The Unconventional Optometrist: Forensic Optometry

I know what you’re thinking.  “Forensic Optometry? What???”

That was my reaction too when I first heard about this field during my undergraduate years at the University of Waterloo (UW) followed by an overwhelming sense of excitement.  You see, I was and still am a little infatuated with forensic sciences.  Television shows like CSI, Dexter, and Bones fed my frenzy.  And back when I was still on the chartered accounting route, I wanted to pursue an Investigative and Forensic Accounting (IFA) designation, just because I thought that would be the closest I would ever get to being a forensic investigator of some sort.

What I found out was that there is currently only one court-recognized forensic optometrist in Canada, Dr. Graham Strong, who is also a professor at the School of Optometry at UW.  I learned about Dr. Strong’s involvement in homicide investigations and the existence of Forensic Optometry from a 1999 school news release that I stumbled upon some time during my bout of procrastination in third year.  I found it fascinating how Dr. Strong was able to link a pair of glasses — the only physical evidence left behind at the scene of the crime — to the suspect in question-based on how the glasses were made and how they were worn.  You can read more about Dr. Strong’s experiences in the article he wrote for Optometric Management.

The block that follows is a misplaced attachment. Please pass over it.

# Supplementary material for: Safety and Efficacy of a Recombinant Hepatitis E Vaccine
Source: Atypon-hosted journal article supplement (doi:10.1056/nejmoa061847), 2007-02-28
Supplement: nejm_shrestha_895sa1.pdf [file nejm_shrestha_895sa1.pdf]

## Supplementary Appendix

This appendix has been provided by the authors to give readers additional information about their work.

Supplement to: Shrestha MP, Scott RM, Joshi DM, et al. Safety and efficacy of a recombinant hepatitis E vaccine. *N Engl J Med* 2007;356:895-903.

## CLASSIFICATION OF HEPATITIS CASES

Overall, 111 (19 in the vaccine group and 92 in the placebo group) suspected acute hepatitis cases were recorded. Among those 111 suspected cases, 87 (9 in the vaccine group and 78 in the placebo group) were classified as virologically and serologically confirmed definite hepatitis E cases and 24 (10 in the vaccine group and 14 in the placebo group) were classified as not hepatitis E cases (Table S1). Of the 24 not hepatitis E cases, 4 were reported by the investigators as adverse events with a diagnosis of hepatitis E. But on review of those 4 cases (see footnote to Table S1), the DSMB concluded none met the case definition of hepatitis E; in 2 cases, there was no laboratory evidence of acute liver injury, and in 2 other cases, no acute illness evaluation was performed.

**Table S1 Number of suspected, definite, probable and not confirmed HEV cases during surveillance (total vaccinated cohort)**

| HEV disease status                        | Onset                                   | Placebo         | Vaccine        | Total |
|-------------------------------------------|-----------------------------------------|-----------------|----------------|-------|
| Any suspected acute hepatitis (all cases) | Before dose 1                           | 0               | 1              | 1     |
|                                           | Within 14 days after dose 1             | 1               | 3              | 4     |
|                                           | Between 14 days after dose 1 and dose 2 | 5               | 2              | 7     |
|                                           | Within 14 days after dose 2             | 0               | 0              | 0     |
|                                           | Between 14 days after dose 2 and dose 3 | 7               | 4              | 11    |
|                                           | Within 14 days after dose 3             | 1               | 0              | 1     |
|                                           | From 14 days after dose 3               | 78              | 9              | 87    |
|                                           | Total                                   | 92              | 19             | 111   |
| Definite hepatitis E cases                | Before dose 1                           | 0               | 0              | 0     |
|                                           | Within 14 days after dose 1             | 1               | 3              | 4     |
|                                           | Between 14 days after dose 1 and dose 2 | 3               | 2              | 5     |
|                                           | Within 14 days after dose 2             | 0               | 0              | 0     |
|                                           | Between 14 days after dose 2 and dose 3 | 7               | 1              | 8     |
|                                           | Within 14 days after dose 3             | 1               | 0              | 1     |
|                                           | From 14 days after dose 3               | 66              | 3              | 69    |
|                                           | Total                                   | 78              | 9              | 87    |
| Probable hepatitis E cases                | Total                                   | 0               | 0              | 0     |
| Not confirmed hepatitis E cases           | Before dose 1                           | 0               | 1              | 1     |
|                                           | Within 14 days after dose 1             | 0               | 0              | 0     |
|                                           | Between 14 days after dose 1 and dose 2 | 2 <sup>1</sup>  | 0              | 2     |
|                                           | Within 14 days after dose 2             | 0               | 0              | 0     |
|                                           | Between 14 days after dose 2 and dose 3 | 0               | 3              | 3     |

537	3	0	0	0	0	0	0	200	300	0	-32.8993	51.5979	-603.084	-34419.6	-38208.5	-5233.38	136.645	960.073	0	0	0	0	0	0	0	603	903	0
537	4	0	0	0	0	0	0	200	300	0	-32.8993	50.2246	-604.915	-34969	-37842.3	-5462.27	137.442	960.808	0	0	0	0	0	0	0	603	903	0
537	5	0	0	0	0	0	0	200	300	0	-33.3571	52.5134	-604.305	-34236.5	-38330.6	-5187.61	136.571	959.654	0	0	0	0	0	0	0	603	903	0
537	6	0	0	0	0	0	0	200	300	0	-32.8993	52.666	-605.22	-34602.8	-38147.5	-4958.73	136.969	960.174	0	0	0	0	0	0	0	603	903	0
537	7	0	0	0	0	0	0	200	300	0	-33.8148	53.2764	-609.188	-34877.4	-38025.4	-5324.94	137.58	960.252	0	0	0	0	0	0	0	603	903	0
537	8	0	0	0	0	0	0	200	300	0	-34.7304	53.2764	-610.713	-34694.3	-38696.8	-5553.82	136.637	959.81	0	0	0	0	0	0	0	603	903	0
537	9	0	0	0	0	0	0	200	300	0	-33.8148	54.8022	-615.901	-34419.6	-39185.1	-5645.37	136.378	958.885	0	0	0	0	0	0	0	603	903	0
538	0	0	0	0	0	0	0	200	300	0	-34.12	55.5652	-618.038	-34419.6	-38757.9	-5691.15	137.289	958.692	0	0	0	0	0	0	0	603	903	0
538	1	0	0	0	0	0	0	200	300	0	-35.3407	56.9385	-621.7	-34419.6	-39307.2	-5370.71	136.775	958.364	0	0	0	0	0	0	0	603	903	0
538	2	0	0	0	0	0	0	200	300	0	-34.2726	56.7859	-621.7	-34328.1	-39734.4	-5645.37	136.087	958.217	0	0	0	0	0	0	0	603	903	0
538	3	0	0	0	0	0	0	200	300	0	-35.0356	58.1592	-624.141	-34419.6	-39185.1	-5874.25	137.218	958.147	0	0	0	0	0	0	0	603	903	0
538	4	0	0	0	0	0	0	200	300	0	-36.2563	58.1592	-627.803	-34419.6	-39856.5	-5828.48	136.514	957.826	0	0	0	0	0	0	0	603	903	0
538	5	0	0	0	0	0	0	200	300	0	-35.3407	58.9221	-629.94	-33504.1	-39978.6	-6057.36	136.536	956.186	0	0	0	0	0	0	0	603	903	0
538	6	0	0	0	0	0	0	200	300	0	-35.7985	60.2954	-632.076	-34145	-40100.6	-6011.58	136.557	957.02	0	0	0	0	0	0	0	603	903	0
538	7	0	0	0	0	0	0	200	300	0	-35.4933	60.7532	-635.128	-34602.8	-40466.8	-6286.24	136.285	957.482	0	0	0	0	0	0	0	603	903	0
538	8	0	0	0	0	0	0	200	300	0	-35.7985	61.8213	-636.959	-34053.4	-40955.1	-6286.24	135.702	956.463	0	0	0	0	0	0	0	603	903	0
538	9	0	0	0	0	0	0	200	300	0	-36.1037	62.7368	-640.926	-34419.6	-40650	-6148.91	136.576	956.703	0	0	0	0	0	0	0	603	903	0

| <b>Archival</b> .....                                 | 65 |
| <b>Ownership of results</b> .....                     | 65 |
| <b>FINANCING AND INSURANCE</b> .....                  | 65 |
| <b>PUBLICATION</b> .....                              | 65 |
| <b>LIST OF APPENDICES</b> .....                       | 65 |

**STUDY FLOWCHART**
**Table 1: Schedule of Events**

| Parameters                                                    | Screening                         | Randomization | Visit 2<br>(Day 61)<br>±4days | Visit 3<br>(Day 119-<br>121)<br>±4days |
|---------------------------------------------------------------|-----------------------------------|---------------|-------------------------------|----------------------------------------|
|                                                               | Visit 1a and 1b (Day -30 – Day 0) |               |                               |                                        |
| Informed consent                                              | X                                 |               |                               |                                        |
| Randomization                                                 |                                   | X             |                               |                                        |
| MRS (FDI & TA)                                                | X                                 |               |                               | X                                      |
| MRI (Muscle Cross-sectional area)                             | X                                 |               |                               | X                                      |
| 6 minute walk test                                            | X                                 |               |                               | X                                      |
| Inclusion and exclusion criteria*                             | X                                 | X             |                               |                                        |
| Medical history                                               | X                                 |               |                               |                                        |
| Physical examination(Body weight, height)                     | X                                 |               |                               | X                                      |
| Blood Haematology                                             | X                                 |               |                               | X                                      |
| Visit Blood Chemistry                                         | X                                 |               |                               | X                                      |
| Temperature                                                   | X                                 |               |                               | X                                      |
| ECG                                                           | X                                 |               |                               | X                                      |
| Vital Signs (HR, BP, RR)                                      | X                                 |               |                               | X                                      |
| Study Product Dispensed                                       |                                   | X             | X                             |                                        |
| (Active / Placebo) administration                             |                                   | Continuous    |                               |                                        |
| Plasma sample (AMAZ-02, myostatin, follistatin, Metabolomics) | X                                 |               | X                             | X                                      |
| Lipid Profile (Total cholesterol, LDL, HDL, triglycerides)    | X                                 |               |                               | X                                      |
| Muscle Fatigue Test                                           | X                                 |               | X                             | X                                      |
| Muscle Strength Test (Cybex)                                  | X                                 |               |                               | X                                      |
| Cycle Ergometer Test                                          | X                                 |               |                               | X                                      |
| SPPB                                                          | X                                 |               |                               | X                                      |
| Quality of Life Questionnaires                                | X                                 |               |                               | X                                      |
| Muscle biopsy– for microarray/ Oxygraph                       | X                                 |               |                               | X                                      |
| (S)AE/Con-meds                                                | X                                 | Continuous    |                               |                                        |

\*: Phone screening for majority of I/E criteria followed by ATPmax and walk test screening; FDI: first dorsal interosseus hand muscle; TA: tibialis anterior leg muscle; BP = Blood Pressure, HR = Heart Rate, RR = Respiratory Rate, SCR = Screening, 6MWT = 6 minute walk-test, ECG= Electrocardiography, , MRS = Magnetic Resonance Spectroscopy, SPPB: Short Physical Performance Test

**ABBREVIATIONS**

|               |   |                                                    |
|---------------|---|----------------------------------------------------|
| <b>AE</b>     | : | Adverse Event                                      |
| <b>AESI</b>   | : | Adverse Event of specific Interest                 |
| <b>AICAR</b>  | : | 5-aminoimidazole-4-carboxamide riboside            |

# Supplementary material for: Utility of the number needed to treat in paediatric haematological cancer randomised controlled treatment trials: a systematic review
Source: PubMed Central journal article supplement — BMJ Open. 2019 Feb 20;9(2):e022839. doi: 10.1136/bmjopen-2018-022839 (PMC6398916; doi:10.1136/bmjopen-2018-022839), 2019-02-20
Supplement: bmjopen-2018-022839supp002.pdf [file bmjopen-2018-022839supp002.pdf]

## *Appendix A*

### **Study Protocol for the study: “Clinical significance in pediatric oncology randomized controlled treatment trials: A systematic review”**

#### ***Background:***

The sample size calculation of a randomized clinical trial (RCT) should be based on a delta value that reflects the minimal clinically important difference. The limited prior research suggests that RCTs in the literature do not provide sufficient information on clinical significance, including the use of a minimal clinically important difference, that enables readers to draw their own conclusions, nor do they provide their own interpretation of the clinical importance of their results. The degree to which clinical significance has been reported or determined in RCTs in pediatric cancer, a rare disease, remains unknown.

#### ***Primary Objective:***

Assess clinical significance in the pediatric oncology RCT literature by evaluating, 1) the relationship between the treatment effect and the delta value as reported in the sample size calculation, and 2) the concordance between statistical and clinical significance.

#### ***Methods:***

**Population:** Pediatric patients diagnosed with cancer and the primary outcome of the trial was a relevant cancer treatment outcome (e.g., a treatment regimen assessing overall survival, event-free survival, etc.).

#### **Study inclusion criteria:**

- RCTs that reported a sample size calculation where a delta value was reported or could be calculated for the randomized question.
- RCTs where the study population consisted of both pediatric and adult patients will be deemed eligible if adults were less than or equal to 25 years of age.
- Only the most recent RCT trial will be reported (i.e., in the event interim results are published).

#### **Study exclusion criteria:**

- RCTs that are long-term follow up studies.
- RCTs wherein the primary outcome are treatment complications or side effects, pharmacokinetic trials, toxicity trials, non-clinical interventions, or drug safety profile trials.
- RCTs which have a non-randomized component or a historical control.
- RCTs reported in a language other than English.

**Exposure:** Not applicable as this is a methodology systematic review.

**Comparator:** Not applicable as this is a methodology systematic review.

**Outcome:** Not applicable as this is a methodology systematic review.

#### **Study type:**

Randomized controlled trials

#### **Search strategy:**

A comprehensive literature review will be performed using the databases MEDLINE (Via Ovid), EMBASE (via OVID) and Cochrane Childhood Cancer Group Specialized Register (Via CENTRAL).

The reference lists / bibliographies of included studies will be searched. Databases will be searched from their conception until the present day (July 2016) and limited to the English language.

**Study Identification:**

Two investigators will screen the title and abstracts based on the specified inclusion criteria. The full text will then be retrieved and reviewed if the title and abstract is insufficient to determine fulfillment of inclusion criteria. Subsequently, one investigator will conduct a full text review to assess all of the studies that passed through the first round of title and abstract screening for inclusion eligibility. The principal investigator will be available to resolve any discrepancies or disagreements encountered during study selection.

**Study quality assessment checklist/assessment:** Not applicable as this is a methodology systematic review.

By now, you’re probably interested and wondering, “How do you become a Forensic Optometrist?”  It’s really easy — relatively speaking — and I have the steps listed out for you below:

Step 1:
First and foremost, and probably the most obvious, you need a Doctor of Optometry (O.D.) degree from a school that’s accredited by the Accreditation Council on Optometric Education (ACOE).  You should have also successfully passed the board exams set by the National Board of Examiners in Optometry (NBEO) and/or the Canadian Examiners in Optometry (CEO).

Step 2:
Become licensed to practice in your state or province by passing the required licensing exams.  Check your state or provincial optometric association for more information.

Step 3:
Join the American College of Forensic Examiners Institute (ACFEI) and apply for the Certified Medical Investigator (CMI) program.  On the application form, there is an option for you to specify “Forensic Optometry”.  The program consists of five level requirements, each requiring successful completion of an exam before proceeding to the next level.  However, Doctor of Optometry degree holders are qualified to take the fifth and final level requirement and write the level 5 exam without having to complete levels 1 through 4.

The optometry arm of the ACFEI was founded by Dr. Robert E. Bertolli, O.D.  who also established and taught several of the Continuing Education (CE) courses.  Some of these courses include “Forensic Optometry Crime and Disaster Scene Identification” and “Behavioral Optometric Techniques for Profilers.”

Step 4:
Once you’ve earned your Certified Medical Investigator, Level 5 (CMI-V) designation, you need to complete fifteen hours of forensic-related CE credits a year to maintain your status.

Step 5:
Get in touch with your local law enforcement office to let them know who you are and that you’re available to offer your services.

That’s pretty much it!  So, if you’re like me, always striving to do something a little differently, and you have a strong penchant for forensic sciences with a desire to incorporate optometry with the law, then maybe Forensic Optometry is for you.

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